A point-of-sale system, though not mandatory, is a great way to manage and monitor your inventory.
So you want to put up a business? One way to make things easier for any business is to put up a point-of-sale (POS) terminal, which is basically a computerized replacement for a cash register.
The POS, a system put in place by the Bureau of Internal Revenue (BIR), is not mandatory but is encouraged, says former BIR Commissioner Joel Tan-Torres in an interview with Entrepreneur
Philippines. “If you want to make your transactions transparent, the POS is necessary,” says Tan-Torres, adding that it is especially useful to record and track customer orders, process credit and debit cards and manage inventory.
The process for securing a POS is a bit tedious but it is necessary for business owners who cannot be in their place of business 24/7, Tan-Torres says. A POS makes it easier for owners to monitor their operations without necessarily being in their establishments the whole time.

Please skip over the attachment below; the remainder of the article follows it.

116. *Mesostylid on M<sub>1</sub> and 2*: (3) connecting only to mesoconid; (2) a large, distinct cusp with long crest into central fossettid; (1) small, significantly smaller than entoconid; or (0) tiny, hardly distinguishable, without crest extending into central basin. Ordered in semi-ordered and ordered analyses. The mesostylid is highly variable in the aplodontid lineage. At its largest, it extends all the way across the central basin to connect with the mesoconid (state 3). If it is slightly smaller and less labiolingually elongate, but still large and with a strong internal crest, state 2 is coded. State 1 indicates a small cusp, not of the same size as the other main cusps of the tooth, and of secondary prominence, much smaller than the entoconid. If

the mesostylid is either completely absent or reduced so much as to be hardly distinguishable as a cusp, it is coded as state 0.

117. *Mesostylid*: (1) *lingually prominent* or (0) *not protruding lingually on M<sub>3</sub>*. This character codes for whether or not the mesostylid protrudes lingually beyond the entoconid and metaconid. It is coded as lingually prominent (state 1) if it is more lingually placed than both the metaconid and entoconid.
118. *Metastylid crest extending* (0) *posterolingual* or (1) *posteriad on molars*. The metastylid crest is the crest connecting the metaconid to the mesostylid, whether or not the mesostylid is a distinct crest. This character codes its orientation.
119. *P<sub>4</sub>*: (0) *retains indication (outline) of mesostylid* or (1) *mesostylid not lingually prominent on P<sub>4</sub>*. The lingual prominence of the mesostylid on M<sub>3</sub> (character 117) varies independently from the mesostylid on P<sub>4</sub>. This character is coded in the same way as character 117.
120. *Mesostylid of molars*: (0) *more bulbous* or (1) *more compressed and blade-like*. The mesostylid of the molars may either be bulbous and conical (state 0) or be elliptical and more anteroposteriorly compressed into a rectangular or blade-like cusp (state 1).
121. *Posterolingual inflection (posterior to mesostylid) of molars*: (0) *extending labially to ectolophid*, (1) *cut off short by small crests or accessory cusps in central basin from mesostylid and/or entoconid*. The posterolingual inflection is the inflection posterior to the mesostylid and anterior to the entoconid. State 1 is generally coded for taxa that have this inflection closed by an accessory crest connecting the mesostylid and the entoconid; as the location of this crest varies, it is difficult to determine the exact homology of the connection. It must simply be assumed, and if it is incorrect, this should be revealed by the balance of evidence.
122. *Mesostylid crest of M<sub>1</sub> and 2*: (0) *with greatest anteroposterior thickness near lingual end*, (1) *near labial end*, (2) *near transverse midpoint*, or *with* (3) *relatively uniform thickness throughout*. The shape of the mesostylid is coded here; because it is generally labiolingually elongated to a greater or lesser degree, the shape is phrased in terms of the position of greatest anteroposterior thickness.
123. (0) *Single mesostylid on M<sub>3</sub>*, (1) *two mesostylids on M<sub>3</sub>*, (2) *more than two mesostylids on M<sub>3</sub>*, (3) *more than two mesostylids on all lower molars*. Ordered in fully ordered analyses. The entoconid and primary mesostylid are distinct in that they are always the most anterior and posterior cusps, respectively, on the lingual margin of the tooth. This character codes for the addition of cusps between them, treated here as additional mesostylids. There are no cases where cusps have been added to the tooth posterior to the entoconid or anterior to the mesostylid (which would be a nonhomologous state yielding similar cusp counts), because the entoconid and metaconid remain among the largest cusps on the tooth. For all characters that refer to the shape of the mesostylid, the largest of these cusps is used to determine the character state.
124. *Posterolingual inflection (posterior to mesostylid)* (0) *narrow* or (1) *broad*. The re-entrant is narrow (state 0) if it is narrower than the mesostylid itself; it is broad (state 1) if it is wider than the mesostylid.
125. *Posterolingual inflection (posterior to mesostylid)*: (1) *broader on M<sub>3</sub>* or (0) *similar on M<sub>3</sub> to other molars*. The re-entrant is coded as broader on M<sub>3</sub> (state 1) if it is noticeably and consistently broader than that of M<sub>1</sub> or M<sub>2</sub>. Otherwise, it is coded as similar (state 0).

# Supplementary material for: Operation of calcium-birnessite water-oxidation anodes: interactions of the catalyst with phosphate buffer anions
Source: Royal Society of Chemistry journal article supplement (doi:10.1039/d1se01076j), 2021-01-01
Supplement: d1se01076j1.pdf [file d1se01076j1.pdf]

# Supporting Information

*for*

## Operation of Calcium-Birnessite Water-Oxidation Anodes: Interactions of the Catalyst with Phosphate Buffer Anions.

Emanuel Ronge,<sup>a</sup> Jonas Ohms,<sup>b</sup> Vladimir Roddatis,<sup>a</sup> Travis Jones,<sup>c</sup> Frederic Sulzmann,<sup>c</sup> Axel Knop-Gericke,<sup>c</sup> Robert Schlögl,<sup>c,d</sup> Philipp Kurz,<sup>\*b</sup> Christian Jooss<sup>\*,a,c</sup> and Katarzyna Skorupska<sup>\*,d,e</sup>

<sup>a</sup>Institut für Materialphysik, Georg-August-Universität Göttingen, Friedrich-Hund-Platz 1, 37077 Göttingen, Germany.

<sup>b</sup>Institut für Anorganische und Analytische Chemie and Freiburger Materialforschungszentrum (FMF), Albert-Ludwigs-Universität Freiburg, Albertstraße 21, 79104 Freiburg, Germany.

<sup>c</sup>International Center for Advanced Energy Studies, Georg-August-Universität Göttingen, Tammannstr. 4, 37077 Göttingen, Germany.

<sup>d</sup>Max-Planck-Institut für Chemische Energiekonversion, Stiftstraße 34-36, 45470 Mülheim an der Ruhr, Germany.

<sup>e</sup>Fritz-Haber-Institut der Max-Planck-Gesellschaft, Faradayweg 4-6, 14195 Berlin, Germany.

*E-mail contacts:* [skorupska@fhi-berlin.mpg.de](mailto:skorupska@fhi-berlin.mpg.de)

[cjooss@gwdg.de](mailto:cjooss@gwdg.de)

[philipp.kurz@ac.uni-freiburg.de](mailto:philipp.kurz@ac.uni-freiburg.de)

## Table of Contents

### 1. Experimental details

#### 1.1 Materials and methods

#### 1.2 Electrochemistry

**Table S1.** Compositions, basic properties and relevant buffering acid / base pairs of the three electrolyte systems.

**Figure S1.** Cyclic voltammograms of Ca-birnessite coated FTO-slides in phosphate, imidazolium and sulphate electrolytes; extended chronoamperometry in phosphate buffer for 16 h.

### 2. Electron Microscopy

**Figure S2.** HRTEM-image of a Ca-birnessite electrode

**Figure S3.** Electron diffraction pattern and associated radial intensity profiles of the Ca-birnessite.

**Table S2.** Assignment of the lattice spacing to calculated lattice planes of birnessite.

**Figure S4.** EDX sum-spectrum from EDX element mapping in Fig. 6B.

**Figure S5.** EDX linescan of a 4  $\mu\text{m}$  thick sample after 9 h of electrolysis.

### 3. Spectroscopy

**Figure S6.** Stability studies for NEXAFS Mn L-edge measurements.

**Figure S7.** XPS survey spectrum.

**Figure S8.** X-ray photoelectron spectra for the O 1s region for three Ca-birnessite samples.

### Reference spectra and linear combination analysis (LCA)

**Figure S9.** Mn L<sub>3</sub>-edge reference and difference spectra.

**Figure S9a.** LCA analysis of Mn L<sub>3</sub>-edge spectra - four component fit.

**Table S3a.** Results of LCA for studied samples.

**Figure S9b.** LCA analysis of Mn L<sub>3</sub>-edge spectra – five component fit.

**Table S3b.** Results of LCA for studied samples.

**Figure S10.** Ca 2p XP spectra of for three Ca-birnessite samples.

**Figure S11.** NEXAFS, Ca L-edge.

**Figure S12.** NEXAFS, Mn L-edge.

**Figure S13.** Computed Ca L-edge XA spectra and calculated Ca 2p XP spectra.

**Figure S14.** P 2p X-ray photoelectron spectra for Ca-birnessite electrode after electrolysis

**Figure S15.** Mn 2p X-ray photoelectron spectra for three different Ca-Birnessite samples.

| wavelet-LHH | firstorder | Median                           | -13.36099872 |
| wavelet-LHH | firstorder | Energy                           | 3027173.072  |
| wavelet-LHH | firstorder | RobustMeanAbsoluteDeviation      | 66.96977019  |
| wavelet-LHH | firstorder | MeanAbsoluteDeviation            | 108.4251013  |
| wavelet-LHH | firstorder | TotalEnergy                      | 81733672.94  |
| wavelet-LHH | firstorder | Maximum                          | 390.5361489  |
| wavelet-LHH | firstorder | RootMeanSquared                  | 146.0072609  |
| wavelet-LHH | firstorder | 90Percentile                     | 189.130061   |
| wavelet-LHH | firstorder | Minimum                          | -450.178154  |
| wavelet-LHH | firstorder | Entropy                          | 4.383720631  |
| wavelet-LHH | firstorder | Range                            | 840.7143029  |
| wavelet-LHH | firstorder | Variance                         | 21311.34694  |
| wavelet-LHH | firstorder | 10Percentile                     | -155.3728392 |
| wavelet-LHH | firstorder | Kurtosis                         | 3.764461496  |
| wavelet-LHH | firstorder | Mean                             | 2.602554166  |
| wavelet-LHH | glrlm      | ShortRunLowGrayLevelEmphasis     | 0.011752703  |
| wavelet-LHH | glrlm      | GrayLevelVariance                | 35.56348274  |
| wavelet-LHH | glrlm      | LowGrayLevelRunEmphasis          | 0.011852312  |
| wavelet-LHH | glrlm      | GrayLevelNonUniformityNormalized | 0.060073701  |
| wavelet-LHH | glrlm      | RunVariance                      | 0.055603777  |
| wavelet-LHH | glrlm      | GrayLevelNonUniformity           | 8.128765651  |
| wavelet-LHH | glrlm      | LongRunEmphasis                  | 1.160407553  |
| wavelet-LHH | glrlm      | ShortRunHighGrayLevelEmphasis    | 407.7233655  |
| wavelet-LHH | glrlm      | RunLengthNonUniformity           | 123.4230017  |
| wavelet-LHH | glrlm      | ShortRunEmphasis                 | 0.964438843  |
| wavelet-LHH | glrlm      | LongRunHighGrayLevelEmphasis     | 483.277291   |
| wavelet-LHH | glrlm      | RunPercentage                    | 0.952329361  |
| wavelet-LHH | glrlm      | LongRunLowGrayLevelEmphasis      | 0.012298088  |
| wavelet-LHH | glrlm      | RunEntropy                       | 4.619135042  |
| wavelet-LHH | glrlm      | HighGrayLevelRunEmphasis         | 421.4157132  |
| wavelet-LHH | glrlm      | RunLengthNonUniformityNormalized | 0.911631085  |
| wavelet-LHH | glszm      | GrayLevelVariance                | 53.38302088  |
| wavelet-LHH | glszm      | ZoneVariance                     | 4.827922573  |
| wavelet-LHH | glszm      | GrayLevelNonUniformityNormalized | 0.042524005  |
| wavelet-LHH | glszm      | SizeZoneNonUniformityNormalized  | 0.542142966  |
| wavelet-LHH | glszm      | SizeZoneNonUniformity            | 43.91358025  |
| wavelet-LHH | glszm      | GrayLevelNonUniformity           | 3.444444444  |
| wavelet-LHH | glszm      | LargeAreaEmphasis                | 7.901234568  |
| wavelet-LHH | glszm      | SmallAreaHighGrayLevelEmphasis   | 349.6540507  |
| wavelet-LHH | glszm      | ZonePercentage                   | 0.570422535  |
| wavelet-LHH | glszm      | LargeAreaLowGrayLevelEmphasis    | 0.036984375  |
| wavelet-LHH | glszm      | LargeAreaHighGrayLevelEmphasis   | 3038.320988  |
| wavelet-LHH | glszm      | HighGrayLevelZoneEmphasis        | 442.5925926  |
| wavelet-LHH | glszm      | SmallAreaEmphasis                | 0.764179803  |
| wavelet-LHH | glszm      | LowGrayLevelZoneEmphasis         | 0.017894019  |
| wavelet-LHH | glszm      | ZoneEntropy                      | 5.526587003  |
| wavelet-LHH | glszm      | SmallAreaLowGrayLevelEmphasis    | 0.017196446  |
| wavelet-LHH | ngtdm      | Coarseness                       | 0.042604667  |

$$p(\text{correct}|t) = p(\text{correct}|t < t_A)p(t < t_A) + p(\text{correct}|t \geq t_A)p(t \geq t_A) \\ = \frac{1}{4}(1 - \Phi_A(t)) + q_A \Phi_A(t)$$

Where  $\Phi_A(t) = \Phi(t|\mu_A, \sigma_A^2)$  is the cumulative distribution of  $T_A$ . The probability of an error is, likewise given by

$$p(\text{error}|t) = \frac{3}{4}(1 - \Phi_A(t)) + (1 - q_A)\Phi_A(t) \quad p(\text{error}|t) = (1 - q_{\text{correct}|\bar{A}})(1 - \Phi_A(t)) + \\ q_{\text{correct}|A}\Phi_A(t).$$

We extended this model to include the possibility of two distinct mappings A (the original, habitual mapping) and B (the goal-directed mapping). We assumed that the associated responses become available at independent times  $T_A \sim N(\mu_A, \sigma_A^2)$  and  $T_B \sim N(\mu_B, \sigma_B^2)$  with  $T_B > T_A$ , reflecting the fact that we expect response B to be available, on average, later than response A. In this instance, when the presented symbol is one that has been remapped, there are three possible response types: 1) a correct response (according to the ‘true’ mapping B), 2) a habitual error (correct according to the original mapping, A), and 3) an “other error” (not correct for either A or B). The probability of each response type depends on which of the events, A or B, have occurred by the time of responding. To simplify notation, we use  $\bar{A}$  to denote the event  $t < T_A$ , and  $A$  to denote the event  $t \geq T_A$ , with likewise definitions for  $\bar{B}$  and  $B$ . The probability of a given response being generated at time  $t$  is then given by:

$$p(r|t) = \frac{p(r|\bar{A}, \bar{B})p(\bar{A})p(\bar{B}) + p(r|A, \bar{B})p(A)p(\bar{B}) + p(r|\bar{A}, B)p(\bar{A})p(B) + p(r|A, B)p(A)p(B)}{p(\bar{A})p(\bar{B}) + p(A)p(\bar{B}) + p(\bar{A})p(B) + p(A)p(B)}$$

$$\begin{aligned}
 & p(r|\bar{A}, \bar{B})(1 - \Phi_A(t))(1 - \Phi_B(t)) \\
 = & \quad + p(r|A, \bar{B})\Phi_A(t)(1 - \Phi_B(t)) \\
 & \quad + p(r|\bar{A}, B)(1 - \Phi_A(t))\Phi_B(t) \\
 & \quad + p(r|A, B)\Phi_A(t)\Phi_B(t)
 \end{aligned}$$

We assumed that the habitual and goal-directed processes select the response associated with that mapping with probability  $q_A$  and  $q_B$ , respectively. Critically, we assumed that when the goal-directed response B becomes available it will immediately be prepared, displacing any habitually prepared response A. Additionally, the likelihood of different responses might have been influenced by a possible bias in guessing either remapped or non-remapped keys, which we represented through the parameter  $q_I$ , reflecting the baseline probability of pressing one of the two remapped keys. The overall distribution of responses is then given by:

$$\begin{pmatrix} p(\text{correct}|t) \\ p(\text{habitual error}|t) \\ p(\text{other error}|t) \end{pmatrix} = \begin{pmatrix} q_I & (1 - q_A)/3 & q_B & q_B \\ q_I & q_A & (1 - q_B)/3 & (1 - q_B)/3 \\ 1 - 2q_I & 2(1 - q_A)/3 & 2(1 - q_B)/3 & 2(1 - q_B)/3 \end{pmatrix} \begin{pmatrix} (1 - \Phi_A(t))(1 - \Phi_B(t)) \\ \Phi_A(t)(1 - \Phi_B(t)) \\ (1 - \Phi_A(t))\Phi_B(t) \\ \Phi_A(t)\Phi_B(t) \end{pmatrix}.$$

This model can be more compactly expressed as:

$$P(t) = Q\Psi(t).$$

According to an information sheet provided by the BIR, the POS terminal has as its core a personal computer, which is provided with application-specific programs and devices for the particular environment it will serve.
There are different POS systems, depending on the business. “A POS system for a restaurant, for example, is likely to have all menu items stored in a database that can be queried for information in a number of ways. POS terminals are used in most industries that have a point of sale such as a service desk, including restaurants, lodging, entertainment, and museums,” guidelines from the BIR say.
Increasingly, POS terminals are also Web-enabled, which makes remote training and operation possible, as well as inventory tracking across geographically dispersed locations.
Getting a POS
The first step in applying for a POS is to get in touch with the BIR Revenue District Office that has jurisdiction over your main business. Accomplish the so-called BIR Form 1907, or Application for Permit to Use Cash Register Machine/Point of Sale